The 7.7% in your example is on top of the base you have restored already. Say you had 100G to restore and you restored 25.8G, you have 74.2G left to restore Resuming the restore will start from 0% and count up to 100% for that 74.2G – not the full 100G.

Thanks for the clarification @nopro404

Even the chunk #s started from 1 along with % started from 0 % - so it seemed like the restore operation started from scratch.

It would be good if the output messages represented the real % because as a user I just ran a command and I would like to know much of the work I requested (restore a given snapshot’s revision #) is remaining.

It is the real % :slight_smile: . If you want more info during restore or backup - use -stats

It is the real % :slight_smile:

To elaborate a bit - there are two different ways to look at and both are theoretically correct - the only question is what is more apt.

  1. Perspective of the Command: Taking your example, say you had 100G to restore and you restored 25.8G, you have 74.2G left to restore. When one kicks off the “Restore” command again, from the command’s point of view - it is going to be see what work it needs to do and realize that it needs to restore 74.2G and gets started starting at 0% and hits 100% once it is reaches the 74.2G.

  2. Perspective of the User: A user running Restore command wants to restore a given repository to a given end point. If a portion of the work is already done, wonderful … the command could quickly progress to 25.8% and then slowly progress from there on to 100%.

I feel both are “accurate” - but the question is what is more helpful to the user. May be there are more involved usages that I am not seeing the bigger picture - but just wanted to share a different perspective.

If you want more info during restore or backup - use -stats

I am using -stats. Is there anyway to get progress % without using -stats option? Running without -stats option didn’t show any progress %.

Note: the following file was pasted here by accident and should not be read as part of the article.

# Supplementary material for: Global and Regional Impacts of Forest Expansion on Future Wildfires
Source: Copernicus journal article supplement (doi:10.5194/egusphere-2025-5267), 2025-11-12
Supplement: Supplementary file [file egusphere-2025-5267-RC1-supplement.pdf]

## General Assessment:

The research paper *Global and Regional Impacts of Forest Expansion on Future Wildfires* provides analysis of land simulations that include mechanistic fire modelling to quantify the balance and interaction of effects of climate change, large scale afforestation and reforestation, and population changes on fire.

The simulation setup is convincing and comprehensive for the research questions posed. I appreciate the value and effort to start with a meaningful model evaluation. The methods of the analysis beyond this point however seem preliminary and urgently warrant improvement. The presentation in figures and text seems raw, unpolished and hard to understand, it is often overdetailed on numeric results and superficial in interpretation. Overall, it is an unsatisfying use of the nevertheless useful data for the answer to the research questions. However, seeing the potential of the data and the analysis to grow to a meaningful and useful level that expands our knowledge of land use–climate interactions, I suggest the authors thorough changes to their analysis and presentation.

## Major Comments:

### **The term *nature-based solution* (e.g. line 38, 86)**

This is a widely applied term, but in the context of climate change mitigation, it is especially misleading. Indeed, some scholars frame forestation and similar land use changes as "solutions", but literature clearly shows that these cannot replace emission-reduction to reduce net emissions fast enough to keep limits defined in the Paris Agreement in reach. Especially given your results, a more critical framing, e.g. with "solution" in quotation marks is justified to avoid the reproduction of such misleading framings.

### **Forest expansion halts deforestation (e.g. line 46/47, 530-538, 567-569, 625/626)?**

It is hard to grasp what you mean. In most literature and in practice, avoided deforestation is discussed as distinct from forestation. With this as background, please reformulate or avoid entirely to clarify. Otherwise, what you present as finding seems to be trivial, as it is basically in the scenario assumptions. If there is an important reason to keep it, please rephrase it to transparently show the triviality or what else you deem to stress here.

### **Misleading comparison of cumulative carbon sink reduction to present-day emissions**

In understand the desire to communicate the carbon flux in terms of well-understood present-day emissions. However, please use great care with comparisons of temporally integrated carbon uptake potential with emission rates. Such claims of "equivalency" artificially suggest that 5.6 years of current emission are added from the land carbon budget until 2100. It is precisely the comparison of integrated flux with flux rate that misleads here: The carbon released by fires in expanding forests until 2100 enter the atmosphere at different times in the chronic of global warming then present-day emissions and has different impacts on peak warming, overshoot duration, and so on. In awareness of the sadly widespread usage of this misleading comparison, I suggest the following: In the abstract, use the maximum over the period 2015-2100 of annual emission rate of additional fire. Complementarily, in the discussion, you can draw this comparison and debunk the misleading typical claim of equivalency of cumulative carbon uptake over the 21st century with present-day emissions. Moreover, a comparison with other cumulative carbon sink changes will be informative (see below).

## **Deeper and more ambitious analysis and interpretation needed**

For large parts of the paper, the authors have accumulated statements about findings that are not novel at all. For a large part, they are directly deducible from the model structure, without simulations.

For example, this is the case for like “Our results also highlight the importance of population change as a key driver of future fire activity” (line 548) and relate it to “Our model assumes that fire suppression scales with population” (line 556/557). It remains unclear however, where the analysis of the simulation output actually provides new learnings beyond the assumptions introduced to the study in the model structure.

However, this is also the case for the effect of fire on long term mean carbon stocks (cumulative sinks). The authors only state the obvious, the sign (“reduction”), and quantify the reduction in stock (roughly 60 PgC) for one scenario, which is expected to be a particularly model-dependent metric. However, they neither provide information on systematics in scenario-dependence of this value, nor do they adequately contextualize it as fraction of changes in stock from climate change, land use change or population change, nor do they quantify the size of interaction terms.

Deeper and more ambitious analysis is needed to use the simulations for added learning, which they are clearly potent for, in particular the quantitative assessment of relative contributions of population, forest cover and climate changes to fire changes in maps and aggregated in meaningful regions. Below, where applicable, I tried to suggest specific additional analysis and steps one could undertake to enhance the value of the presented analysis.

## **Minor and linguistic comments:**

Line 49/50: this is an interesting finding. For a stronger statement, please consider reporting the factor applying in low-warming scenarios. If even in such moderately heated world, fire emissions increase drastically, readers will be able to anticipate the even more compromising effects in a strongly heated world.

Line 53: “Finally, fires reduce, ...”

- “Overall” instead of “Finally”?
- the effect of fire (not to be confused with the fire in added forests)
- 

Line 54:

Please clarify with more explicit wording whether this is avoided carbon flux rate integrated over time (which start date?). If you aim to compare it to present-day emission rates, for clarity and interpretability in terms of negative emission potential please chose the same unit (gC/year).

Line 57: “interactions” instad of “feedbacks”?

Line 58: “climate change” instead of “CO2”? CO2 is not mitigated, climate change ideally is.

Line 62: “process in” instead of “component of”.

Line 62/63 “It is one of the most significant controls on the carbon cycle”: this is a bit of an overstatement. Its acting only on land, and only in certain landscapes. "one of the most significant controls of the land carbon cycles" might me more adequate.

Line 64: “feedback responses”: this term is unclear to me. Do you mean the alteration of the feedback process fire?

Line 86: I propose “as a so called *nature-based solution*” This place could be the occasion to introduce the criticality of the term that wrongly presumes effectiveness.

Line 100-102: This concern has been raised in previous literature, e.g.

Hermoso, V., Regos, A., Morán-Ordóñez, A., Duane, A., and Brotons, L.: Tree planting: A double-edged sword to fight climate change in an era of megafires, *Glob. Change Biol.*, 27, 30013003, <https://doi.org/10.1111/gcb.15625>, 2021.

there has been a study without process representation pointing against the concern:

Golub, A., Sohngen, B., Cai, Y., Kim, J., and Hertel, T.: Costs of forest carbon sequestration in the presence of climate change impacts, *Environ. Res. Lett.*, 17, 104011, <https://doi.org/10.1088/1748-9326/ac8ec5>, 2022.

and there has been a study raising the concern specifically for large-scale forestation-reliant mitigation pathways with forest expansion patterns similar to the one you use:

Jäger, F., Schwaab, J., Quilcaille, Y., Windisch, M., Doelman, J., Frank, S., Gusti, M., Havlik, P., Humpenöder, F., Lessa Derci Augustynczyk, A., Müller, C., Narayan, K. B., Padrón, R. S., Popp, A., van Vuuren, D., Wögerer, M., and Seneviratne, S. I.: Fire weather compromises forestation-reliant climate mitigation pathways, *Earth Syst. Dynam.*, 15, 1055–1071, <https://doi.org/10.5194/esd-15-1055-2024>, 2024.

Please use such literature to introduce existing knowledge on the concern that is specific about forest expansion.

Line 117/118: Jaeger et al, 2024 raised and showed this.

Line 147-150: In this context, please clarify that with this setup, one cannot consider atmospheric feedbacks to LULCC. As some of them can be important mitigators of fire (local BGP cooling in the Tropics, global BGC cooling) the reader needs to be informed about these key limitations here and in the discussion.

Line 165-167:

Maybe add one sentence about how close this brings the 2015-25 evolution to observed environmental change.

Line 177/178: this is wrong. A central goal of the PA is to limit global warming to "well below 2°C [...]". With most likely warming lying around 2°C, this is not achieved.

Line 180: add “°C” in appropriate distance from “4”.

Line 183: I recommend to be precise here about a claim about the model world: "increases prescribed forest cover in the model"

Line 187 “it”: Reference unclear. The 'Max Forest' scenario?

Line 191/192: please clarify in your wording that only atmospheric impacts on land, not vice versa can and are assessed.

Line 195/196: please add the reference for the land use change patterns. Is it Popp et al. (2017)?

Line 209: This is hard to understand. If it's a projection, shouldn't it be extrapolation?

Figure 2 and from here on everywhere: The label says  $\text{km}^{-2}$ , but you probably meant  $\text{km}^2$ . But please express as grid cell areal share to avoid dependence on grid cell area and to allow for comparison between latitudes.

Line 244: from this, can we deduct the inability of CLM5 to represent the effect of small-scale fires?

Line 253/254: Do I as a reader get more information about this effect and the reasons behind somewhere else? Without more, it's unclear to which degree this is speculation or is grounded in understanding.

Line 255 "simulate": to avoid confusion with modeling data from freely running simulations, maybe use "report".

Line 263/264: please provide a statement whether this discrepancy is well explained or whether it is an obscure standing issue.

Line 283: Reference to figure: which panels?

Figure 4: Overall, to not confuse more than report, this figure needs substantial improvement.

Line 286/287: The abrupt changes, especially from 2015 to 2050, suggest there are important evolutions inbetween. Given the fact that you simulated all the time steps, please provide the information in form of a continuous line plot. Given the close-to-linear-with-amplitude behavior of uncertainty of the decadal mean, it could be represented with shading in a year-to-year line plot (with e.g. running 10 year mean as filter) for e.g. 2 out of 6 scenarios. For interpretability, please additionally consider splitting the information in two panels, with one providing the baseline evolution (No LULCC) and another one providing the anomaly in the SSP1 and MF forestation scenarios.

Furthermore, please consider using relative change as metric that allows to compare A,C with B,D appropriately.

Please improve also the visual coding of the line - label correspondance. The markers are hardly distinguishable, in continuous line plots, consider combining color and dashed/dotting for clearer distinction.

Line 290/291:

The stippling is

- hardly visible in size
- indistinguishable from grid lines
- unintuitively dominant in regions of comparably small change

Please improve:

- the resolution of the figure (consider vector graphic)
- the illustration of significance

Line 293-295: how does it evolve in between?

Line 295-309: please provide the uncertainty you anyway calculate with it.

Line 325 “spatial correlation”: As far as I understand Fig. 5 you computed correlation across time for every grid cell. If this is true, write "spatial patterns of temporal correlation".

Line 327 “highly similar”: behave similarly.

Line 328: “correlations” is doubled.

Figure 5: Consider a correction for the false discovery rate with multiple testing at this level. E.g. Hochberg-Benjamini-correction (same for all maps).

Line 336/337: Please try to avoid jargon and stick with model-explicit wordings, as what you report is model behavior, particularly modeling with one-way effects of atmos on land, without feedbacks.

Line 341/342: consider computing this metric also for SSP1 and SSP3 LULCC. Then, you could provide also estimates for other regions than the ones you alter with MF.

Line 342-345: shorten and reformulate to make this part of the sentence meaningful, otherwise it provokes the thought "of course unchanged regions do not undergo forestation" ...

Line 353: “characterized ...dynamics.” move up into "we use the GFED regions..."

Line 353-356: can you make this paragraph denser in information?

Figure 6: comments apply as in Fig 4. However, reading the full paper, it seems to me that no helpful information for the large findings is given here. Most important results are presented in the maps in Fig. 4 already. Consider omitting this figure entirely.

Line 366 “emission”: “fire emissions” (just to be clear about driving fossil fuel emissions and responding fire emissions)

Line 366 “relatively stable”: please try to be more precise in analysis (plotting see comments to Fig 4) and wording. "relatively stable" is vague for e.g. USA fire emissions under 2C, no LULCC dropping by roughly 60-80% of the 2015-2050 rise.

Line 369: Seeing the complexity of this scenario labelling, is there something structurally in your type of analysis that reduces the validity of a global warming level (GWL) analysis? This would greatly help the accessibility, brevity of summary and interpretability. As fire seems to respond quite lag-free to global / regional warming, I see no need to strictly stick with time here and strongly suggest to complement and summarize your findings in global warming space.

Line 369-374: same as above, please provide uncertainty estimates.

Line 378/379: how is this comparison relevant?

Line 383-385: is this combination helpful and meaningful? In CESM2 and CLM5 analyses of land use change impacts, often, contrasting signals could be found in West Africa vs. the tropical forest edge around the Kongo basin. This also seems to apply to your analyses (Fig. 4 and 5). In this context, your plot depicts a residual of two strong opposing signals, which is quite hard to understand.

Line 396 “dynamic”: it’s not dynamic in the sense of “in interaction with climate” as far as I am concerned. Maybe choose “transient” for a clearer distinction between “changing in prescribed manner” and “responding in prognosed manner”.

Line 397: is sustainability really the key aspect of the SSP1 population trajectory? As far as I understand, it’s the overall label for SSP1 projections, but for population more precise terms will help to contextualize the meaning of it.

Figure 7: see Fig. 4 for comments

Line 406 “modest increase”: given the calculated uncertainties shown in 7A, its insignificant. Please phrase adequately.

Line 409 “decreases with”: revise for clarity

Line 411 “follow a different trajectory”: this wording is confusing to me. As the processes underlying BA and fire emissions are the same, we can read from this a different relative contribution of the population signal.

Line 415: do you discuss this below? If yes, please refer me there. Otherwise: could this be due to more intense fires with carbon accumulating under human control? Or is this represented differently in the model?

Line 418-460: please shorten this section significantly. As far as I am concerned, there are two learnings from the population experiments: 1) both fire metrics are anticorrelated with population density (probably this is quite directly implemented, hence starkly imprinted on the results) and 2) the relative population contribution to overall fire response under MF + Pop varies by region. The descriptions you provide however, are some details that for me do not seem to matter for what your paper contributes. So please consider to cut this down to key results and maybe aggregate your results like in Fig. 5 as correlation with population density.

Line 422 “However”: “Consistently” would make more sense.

I am nube w.r.t Duplicacy - so apologies if my point of view is naive.

I think both approaches miss the point.

Restore, and many other operations, are effectively atomic: until it’s done completely you can’t really rely on intermediate results. Therefore 100% carires drastically different importance than any other percentage value.

In other words, percentages are means to answer the question of when will whatever it is it’s doing complete.

“54% done” is meaningless and non-actionable. It’s only useful indirectly, an aid in a process of watching progress bar, taking first derivative and arriving to completion time.

“3 days 16 hours remaining” — is extremely useful and avoids the ambiguity you highlighted entirely.

that’s what Duplicacy should report. And there is no need for a progress bar either — because nobody cares about the progress outside of done/not done but everyone cares about ETA.

TLDR: I would remove progress bars altogether and replace them with ETA in medium weight type.

I would agree with you that ETA is very important.

But I feel % done has its own importance - say an operation is 99% done and will take 3 more hours to complete (for whatever reason). I would hold off any sort of disruption as most of the work is done.

But if same thing is 0.1% done and will take 3 more hours to complete - I might be completely ok to interrupt and rerun the operation later.

In both the cases the ETA is same - but based on how much work is done, the approach one takes might be different.

I agree adding an ETA would be useful, but ETAs can fluctuate widely over an internet connection, and removing percentages would put you more in the dark. For example, your transfer could actually hang and your ETAs change, but you’d be making no progress.

Yes it could show speeds as well but these are all averages and I, as a human, can better judge from a percentage reading over a greater time span, if we’re getting anywhere. Removing important information is not a good idea.